New Let’s Talk program at CCS provides casual, drop-in consultation

Counseling and Consultation Services is located in the HRC. Collegian file photo. 


No matter what problems you may be dealing with, big or small, the Counseling and Consultation Services team wants Butler University students to feel comfortable asking for help. 

That’s why Shana Markle, associate director of CCS, and Iris Mosah, a staff therapist within the CCS department, are adopting a new initiative at Butler called Let’s Talk: a drop-in consultation service offered four different times during the week at both the HRC and the Diversity Center. 

Although new to Butler’s campus, the Let’s Talk program model has been used at many other colleges campuses across the country. Over the summer, Markle and the CCS team were looking for ways to try and invite students to destigmatize asking for help.

For Markle and the CCS staff, the goals of Let’s Talk are simple.

“We want to decrease any barriers to services so that students have as much accessibility to the help that they can get,” Markle said. “Our counseling is free, it is confidential and people don’t have to commit to being in therapy for their tenure at the university.”

Accompanying Markle on Mondays from 1 to 2 p.m. and Wednesdays from 10 to 11 a.m. will be Scooter, the new therapy dog employed by the counseling services team. 

Markle hopes that this addition will accomplish two things at once: allow students to seek help from a professional and to interact with Scooter.

“[Students] can come in and have access to a counselor, or Scooter can be available at that same time if they simply just want to come and be comforted by him,” Markle said.

Markle also noted that while the service is a great place to start if you’re dealing with something and are in search of help, it should not serve as a replacement for therapy. 

“It’s usually something that is short term,” Markle said. “You may come in for 10 or 15 minutes once in a while, but if you’re looking for something that is regular, therapy would still be your best bet.”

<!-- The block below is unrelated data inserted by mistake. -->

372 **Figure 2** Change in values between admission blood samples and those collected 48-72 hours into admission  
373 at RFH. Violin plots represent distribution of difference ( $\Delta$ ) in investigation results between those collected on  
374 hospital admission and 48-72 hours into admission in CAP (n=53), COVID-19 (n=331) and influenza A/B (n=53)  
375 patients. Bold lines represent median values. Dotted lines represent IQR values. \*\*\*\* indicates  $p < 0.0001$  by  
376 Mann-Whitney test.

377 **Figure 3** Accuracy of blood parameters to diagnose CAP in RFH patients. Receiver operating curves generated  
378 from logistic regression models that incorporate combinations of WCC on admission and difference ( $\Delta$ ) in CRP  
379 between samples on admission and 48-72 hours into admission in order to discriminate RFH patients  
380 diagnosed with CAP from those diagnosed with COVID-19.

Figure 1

Lauren Lintner, a first-year international business major, is appreciative of the university’s recognition of different types of student needs.

“I think offering those services that make it a little easier to ask for help is really helpful,” Lintner said. “They’re not throwing you into the pool and telling you to sink or swim, they’re giving you a little life jacket to help you float.”

Likewise, sophomore pre-pharmacy major Elizabeth Jira thinks highly of the program’s potential benefits for Butler students.

“I think that the Let’s Talk program will be an extremely beneficial source for students,” Jira said. “Since it is informal, I think many students will find it less intimidating and will hopefully use it if needed.”

Markle and the CCS team hope that the program will be well received by the students, and that those who need help will feel comfortable enough to attend a Let’s Talk session. 

However, if the program doesn’t seem to serve the needs of the students most effectively, Markle said that the CCS department will head back to the drawing board, committed to making sure they provide the best care possible for Butler students.

“We’re hoping this is something that students will appreciate, but if not, we can just edit and adjust it as we go,” Markle said.


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